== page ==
The only time you need to be concerned with URL encoding is when you are hand-building a URL with query parameters. The names and values of the parameters must be URL encoded.
[ August 25, 2008: Message edited by: Bear Bibeault ]

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Ally Cavs
Ranch Hand

Joined: Aug 25, 2008
Posts: 88
Thanks for your reply Bear. I undestand a bit better now sort of.

Forms are implicitly encoded/decoded. But from a security perspective do I need to check for anything sever side?

As for storing data. I wont be storing URLS. I have a review section to my web app where users post up reviews. If a hacker emebedded some javascript for an attack I want to know how to avoid this. Having said that a user could give a url as part of their review.
So would I need to encode/decode the review?
Do I store the encoded version on my database?

However I am building up URLS dynamically to other pages of my web app. Its a search app. So when a user gets back results from a search, there will be links leading to to a page for each item returned in a search. this item page is generated dynamically from content in the database.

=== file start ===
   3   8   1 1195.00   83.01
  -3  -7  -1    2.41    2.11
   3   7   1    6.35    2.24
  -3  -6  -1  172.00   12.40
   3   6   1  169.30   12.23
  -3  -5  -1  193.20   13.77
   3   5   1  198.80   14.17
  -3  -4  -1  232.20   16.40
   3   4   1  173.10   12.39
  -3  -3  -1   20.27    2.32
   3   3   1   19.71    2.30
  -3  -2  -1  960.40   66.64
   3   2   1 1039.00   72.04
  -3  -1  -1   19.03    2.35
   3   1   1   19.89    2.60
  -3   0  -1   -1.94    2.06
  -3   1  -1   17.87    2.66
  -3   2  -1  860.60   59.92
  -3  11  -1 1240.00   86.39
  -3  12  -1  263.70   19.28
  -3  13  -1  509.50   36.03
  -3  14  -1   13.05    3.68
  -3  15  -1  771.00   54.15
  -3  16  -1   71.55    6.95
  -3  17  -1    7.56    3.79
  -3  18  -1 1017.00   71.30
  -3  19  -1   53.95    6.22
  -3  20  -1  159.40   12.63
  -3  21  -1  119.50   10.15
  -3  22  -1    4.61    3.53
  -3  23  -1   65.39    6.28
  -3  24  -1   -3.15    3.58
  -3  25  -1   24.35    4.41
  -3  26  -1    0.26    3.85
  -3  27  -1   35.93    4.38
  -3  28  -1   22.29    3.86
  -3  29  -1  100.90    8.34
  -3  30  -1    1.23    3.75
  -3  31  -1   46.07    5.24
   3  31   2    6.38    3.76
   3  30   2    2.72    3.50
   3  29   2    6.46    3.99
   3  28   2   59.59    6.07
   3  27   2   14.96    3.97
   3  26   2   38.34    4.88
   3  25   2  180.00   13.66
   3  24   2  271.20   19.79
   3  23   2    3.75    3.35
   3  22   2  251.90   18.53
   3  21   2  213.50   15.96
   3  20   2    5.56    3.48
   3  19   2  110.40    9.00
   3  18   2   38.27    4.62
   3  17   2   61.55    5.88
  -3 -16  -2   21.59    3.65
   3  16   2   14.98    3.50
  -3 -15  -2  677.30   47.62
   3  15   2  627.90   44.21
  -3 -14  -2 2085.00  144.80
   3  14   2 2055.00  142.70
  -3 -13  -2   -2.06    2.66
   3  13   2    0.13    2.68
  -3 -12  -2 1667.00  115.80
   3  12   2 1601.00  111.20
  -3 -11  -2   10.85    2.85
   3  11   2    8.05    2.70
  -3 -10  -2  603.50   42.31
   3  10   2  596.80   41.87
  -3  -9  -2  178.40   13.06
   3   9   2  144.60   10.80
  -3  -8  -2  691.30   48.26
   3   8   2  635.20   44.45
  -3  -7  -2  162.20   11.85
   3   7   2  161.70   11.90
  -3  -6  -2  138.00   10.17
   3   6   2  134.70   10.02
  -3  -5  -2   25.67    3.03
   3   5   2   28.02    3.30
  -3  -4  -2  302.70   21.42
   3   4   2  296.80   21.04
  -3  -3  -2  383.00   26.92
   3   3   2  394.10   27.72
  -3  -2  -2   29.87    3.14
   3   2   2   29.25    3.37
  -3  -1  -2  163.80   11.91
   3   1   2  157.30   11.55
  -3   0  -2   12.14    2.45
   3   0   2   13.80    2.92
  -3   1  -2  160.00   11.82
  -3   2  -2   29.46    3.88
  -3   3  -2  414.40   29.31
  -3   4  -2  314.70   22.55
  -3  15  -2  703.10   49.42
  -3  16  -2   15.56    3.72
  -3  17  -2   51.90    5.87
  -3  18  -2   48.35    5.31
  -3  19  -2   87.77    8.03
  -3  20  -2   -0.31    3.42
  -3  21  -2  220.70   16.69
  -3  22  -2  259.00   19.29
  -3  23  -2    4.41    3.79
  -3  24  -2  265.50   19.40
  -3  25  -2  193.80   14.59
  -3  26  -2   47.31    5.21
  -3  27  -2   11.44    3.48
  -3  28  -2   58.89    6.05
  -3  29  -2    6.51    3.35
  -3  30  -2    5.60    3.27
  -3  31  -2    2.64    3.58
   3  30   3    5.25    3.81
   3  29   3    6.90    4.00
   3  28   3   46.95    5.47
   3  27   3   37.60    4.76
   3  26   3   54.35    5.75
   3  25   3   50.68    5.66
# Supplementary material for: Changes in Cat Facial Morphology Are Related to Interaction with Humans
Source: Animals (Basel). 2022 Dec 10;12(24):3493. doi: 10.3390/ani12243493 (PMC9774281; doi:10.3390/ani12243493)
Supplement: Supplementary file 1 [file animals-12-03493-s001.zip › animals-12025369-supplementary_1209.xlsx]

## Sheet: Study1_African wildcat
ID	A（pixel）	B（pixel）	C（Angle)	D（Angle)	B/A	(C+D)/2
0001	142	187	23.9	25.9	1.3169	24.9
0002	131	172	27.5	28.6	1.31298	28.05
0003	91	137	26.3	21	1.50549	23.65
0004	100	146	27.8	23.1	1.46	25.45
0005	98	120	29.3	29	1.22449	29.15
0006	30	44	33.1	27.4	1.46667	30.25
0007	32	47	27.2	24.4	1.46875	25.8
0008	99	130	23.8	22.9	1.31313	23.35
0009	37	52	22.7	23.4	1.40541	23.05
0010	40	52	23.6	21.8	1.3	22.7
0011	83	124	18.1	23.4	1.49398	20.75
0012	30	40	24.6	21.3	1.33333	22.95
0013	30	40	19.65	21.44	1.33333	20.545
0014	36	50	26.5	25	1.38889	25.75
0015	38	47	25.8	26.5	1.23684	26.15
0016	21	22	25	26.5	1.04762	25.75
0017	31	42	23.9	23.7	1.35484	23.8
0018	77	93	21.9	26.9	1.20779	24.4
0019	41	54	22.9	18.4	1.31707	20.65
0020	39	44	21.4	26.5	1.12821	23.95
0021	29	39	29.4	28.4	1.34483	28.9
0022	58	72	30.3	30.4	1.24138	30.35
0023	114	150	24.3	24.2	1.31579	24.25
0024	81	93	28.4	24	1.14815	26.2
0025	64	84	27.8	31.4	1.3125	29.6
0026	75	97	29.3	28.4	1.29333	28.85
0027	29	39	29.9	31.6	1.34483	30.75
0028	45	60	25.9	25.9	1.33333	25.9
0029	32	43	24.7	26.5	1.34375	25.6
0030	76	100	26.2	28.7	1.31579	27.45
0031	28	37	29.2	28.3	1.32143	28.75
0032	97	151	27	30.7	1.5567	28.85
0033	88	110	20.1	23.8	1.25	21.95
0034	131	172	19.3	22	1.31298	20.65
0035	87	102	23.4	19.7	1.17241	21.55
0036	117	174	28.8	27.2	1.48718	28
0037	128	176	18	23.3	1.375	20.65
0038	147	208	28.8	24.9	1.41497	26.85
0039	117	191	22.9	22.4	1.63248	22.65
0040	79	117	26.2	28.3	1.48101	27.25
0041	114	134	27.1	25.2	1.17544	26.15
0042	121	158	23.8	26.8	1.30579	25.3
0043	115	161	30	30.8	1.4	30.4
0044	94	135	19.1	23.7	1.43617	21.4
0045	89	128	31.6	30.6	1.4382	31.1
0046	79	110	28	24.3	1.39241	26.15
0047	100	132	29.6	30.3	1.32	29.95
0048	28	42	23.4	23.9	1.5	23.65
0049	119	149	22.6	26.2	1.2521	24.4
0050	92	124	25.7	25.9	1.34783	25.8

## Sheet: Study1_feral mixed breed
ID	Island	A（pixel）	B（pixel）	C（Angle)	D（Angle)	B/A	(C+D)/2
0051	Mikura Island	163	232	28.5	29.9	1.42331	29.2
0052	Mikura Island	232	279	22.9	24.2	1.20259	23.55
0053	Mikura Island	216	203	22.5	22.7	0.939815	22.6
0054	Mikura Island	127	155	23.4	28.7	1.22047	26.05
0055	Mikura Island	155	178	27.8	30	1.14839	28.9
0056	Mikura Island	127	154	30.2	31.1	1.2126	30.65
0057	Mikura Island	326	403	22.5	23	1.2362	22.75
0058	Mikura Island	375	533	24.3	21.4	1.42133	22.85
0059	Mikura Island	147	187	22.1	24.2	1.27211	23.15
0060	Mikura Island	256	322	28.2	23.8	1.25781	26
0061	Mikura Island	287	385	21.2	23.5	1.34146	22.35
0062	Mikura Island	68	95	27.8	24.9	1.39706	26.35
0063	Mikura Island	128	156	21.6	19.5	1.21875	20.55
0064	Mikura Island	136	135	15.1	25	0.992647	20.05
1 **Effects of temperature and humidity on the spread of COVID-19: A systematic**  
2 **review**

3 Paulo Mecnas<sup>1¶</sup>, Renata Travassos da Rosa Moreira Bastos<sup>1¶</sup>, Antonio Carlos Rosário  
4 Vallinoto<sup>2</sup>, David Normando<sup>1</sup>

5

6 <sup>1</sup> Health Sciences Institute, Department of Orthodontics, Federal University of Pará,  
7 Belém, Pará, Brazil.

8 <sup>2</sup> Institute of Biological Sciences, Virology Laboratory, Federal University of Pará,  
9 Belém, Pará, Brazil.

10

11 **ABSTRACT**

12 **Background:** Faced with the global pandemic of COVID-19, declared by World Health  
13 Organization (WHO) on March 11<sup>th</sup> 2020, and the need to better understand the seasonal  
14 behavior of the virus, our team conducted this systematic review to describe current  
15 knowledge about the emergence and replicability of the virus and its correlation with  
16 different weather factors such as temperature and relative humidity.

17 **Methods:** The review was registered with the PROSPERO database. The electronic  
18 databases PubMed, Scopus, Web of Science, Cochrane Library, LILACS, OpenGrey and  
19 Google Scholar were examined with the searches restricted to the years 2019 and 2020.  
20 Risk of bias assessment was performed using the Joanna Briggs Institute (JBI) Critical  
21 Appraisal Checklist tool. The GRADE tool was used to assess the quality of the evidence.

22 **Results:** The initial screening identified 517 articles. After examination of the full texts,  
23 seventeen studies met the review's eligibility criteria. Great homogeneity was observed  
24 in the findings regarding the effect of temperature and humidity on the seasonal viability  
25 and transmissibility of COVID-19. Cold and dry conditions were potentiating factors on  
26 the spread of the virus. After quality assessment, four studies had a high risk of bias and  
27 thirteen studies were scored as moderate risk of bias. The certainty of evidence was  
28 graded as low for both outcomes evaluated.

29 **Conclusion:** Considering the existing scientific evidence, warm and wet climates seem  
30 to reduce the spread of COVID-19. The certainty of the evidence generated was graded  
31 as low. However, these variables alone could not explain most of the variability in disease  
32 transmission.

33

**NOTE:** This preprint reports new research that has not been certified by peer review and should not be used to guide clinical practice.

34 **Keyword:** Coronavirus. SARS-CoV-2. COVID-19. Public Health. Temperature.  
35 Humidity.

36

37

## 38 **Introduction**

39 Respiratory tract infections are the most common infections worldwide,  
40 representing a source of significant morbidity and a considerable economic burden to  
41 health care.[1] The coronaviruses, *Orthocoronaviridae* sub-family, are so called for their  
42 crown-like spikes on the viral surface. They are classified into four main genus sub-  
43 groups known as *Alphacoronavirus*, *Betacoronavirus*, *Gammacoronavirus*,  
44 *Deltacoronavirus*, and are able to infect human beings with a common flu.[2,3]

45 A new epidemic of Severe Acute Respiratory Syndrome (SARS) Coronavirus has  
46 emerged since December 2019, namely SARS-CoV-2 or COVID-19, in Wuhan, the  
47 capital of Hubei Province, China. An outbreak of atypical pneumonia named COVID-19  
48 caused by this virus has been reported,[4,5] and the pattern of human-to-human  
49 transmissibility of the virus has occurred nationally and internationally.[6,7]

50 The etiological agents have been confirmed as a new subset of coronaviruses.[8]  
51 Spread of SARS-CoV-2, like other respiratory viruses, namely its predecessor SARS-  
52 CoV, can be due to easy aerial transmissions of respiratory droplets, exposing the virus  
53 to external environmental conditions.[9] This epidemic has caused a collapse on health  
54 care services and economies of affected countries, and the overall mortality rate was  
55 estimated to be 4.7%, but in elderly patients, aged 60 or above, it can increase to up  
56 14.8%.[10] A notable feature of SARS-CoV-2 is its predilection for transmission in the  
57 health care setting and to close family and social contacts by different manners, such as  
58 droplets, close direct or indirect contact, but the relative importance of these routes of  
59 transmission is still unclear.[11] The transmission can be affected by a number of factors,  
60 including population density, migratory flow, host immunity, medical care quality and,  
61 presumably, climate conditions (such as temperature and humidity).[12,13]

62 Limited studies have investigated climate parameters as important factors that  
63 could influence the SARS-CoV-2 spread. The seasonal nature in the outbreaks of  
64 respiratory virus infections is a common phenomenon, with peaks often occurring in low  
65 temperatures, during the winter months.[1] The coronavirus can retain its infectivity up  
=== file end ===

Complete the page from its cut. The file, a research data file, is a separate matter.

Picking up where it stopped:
So im guessing I would have to encode those links?

And yes I was confusing URL encoding and HTML encoding. I have just done a quick google for HTML encoding. So I will probably have to have a look at JTidy or something else. Im not sure what HTML encoding is for though?

I now know what URL encoding is for thanks to you!!!

Alan
Bear Bibeault
Author and ninkuma
Marshal

Joined: Jan 10, 2002
Posts: 60053
    
  65

Originally posted by Alan Cavanagh:
Forms are implicitly encoded/decoded. But from a security perspective do I need to check for anything sever side?
Again, the URL encoding has absolutely nothing to do with security. Do not confuse encoding with encryption. If you want security, that's where SSL comes in.

As for storing data. I wont be storing URLS.
Then you don't need to worry about URL encoding. No URLs, no URL encoding.